Dignity

Funeral Services

Registering a death

When someone dies, you will need to register the death. Once the death has been registered, you will be given all of the paperwork required to arrange the funeral. If you are unsure about the process of registering a death in the UK, this guide will explain everything you need to know.

How to register a death in the UK

This step-by-step guide will cover:

How long do you have to register a death?

The time limit for registering a death depends on where you are in the UK. In England, Wales and Northern Ireland, you must register the death within five days. In Scotland, you will have up to eight days to register the death. 

Where to register a death

In order to register a death, you will need to find a register office closest to where the person died and make an appointment. Try and call the register office at the soonest available time to make an appointment, as they can get busy very quickly.

You can find a register office and make an appointment here

Who can register a death?

A death is typically registered by a close relative of the person who has died, however, if no relatives are available, the following people can also complete the registration:

  • Any person present when the person died
  • A person who lives in the house where the person died
  • The person arranging the funeral, but not a funeral director

What do you need to register a death?

Once you have made an appointment to register a death with the local registrar, it's important to provide them with as much information about the deceased as possible. The registration process should take approximately 30 minutes.

You will need to take the following documents with you:

  • Medical Certificate of Cause of Death - signed by a doctor
  • Birth Certificate
  • Council Tax bill
  • Driving License
  • Passport
  • Marriage/Civil Partnership Certificate, if applicable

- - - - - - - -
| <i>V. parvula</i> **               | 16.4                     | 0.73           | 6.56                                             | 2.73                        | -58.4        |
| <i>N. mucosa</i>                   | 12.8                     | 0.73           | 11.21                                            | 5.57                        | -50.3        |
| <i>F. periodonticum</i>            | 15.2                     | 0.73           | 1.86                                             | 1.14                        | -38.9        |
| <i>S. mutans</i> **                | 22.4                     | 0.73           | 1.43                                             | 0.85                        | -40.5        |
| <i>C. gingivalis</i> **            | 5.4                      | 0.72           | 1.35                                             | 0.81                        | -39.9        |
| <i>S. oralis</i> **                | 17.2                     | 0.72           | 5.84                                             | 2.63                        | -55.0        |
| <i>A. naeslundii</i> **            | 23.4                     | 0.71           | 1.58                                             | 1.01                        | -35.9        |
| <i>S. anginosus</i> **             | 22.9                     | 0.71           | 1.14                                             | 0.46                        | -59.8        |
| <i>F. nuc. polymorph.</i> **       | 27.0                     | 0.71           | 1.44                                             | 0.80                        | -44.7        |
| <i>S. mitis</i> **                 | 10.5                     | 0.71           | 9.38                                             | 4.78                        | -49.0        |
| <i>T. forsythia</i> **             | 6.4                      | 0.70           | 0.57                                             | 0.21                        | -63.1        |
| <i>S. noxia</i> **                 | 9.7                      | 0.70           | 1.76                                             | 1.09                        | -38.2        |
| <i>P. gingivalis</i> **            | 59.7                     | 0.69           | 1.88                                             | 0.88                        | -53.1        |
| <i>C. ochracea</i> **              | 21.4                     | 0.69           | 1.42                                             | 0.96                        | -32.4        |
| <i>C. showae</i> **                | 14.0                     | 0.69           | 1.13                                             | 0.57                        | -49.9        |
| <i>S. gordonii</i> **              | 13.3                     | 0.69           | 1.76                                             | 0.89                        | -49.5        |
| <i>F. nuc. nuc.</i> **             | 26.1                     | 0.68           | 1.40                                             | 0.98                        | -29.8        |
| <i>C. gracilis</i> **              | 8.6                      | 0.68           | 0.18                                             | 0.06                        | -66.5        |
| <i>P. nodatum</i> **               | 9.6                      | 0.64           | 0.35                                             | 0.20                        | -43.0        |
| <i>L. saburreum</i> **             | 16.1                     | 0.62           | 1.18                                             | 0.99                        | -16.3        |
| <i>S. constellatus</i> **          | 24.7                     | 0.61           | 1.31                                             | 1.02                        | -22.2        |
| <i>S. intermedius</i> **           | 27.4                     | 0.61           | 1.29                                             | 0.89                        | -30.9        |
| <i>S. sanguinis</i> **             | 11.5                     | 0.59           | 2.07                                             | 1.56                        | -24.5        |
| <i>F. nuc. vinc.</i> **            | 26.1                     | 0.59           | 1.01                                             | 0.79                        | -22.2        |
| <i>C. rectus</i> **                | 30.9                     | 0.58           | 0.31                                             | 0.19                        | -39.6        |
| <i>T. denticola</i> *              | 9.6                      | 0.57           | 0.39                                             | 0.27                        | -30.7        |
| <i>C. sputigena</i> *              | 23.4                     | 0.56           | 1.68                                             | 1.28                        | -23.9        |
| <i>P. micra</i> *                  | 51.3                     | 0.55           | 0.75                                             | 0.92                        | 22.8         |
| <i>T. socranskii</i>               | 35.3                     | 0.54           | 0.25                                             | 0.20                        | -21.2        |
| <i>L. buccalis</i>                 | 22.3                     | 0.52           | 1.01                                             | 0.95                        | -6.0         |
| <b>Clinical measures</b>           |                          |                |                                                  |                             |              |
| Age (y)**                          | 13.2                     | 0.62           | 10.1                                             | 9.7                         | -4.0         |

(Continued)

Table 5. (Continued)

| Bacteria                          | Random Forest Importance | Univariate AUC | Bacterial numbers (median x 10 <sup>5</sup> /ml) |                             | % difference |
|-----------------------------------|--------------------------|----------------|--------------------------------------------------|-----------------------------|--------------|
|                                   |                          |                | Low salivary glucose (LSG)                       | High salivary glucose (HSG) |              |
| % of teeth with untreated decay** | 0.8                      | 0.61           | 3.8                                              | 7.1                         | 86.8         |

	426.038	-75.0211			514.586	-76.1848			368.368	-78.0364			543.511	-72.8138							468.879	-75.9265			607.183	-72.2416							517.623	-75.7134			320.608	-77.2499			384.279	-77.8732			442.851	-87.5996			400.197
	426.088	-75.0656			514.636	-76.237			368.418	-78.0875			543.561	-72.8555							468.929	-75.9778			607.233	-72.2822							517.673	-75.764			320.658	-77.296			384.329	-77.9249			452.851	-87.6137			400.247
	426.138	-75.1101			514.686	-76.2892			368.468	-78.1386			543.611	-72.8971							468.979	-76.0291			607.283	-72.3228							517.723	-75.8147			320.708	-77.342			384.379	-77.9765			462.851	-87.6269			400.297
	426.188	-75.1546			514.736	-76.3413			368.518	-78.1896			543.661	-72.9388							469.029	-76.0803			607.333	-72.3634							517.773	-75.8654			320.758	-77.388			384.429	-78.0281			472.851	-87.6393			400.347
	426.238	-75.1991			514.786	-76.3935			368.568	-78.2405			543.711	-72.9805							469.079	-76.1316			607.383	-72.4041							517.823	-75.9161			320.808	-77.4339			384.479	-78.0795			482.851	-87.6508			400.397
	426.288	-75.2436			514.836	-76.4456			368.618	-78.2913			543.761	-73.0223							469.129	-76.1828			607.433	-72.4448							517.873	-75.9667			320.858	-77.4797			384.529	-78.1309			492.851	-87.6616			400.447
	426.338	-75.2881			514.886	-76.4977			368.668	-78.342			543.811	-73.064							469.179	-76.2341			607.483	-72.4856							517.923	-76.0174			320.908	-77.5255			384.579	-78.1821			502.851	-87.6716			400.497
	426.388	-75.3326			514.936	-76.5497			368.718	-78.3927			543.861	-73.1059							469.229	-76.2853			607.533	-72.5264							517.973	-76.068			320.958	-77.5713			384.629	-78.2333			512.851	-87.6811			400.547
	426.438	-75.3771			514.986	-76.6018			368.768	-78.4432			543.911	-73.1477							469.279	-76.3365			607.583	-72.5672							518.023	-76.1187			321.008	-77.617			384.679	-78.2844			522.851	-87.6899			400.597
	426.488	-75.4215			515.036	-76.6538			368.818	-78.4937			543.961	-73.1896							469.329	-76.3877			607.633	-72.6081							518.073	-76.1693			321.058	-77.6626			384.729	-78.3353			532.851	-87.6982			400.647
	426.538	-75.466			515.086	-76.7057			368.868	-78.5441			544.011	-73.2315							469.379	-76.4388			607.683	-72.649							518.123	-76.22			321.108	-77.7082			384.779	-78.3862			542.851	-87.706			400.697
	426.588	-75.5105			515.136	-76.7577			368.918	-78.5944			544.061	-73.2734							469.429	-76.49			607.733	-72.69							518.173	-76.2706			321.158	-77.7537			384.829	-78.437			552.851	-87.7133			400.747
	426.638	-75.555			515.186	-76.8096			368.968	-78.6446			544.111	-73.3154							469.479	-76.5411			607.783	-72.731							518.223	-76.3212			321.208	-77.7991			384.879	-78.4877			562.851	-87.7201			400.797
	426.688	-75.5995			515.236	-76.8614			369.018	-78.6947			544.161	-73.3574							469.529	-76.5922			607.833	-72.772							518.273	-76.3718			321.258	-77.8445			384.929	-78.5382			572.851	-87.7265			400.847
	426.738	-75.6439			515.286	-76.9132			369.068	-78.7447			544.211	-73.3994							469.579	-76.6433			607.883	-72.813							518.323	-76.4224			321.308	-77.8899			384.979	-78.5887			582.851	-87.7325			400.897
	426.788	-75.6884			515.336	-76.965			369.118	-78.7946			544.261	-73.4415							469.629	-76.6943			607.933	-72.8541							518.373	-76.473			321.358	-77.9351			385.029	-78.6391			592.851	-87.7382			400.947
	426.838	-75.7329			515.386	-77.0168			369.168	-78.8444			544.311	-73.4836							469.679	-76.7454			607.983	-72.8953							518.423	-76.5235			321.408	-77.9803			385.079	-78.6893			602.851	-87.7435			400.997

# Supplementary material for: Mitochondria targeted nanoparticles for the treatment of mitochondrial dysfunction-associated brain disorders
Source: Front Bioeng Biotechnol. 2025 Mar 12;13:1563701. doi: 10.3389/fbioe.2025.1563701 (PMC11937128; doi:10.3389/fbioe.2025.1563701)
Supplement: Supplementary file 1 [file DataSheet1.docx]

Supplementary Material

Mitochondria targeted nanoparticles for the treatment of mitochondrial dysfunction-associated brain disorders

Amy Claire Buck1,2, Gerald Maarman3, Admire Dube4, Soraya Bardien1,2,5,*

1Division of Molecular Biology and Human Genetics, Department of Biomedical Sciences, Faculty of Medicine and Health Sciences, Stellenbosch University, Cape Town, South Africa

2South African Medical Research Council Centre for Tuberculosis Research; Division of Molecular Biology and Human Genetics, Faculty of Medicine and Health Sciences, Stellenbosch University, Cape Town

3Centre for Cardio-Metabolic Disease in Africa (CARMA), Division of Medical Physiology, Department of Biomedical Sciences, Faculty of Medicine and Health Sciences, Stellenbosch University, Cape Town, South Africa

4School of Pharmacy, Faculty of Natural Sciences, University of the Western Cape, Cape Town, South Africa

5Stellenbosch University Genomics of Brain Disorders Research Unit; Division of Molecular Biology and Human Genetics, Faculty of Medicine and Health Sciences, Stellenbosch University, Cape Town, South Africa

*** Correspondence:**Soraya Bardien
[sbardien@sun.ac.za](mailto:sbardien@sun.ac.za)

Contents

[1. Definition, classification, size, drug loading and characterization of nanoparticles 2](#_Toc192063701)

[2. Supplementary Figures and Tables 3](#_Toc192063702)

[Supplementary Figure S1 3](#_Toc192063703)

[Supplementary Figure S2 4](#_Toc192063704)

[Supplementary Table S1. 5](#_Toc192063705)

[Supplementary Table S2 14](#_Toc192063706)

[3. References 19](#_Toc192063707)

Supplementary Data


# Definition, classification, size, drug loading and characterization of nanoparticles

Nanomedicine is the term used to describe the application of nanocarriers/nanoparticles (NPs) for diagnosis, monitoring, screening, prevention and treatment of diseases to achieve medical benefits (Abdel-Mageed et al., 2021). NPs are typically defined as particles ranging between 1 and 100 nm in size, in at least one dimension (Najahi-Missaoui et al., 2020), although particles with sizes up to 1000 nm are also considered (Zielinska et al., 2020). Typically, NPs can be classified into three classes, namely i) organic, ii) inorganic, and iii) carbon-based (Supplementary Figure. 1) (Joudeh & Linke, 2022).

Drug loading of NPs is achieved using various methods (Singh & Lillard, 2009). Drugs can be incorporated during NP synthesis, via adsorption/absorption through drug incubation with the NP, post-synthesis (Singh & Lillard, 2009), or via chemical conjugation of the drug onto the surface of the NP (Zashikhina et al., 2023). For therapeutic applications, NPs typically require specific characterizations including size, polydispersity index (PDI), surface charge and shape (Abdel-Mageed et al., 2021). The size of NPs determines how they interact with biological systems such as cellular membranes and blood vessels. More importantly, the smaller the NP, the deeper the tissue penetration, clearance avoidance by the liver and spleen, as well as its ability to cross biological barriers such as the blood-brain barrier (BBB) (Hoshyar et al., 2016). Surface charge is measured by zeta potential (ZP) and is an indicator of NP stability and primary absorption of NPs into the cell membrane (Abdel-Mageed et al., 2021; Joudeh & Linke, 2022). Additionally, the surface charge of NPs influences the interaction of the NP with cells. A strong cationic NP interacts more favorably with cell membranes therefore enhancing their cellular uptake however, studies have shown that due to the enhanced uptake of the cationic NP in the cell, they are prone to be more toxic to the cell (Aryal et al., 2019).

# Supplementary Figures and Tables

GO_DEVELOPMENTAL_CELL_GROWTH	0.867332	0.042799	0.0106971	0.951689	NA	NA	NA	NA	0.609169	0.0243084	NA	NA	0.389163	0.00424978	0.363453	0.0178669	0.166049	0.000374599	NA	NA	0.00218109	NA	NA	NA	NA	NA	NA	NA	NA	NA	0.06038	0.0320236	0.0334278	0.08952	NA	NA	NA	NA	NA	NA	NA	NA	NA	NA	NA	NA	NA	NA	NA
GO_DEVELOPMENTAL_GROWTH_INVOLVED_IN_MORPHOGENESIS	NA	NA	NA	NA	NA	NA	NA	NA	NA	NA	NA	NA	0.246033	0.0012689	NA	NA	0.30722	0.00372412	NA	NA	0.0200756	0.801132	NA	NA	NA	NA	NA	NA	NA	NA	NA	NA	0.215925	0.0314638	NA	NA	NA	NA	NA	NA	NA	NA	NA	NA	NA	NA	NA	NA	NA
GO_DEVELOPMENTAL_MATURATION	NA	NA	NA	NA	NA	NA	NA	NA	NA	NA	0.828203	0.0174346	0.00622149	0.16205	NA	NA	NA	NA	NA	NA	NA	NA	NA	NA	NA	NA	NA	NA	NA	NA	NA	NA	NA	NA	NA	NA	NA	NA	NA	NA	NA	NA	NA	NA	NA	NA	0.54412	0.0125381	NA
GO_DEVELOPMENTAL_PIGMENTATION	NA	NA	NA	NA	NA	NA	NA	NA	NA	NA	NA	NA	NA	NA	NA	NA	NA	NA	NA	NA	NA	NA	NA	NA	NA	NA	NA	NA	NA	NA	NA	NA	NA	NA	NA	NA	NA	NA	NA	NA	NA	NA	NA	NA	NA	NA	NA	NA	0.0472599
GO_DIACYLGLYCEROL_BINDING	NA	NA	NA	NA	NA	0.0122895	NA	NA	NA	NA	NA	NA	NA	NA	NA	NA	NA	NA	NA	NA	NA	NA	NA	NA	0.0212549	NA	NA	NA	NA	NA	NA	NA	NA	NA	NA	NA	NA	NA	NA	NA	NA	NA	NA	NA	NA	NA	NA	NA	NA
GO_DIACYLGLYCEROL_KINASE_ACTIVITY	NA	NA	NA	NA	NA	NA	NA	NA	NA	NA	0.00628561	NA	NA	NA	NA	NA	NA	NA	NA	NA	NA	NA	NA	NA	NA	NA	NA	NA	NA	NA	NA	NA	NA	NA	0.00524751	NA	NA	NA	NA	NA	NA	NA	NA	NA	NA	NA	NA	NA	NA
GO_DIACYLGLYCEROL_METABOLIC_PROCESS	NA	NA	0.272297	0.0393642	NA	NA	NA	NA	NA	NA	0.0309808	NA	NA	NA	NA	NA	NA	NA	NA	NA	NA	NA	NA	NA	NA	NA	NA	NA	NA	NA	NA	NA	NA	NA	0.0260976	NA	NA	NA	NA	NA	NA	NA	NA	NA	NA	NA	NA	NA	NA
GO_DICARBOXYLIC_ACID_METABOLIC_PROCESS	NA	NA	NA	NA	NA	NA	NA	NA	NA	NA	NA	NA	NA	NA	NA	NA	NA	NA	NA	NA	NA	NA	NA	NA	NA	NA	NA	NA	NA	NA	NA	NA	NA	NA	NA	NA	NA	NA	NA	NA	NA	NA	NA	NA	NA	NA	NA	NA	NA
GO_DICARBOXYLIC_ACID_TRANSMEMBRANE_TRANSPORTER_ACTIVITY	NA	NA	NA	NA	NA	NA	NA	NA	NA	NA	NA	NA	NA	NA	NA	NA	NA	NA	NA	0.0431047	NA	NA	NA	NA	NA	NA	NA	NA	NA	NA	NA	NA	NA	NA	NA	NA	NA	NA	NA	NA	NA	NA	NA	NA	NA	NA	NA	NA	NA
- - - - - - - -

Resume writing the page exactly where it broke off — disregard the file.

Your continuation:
• NHS Medical Card
  • Proof of address

Don’t worry if all of this paperwork isn’t available, it’s not always essential to have everything. The most important piece of paperwork is the Medical Certificate of Cause of Death, as without this you will not be able to register the death. Please contact our caring professionals if you have any concerns before your appointment.

You will also need to provide the registrar with the following information:

  • The full name of the person who died
  • Their full home address
  • Their date and place of birth
  • Details of where and when the person died
  • Their occupation, if applicable
  • If they were receiving any benefits, including pensions or allowance from public funds
  • The name, occupation and date of birth of their spouse or civil partner, if applicable

What happens after you register a death?

After registering the death, you will be given a number of documents. These vary depending on where you are in the UK.

England and Wales

  • Green Certificate for burial or cremation
  • Certificate of Registration of Death - You may need to fill this in and send it to the social security office for the area where the person died. If this is the case, the form will come with a pre-paid envelope so you know where to send it
  • Death Certificate - This will require a small fee and may be needed for legal or financial purposes

Scotland

  • Certificate of Registration of Death
  • Registration or Notification of Death – You will need this to deal with the person’s affairs if they were getting a pension or benefits
  • Death Certificate

Northern Ireland

  • GRO21 form – This will give permission for the funeral to take place
  • Certificate of Registration of Death
  • Death Certificate

We recommend buying additional Death Certificates for when you’re sorting out your loved one’s affairs and finances.

Find out how much a Death Certificate costs in the UK.

What if a coroner is involved?

When a loved one sadly dies suddenly or unexpectedly, a coroner or procurator fiscal may be called to investigate the death. It is their duty to identify how, when and where the person died for official records, as well as for giving some level of understanding to friends and family of the deceased.

If this is the case, the death must be reported by the doctor, hospital or registrar to the coroner, or procurator fiscal in Scotland.

Unfortunately, this may delay your funeral plans as a post-mortem or inquest will usually take place. Dignity’s support and advice team will be able to help you should a coroner become involved.

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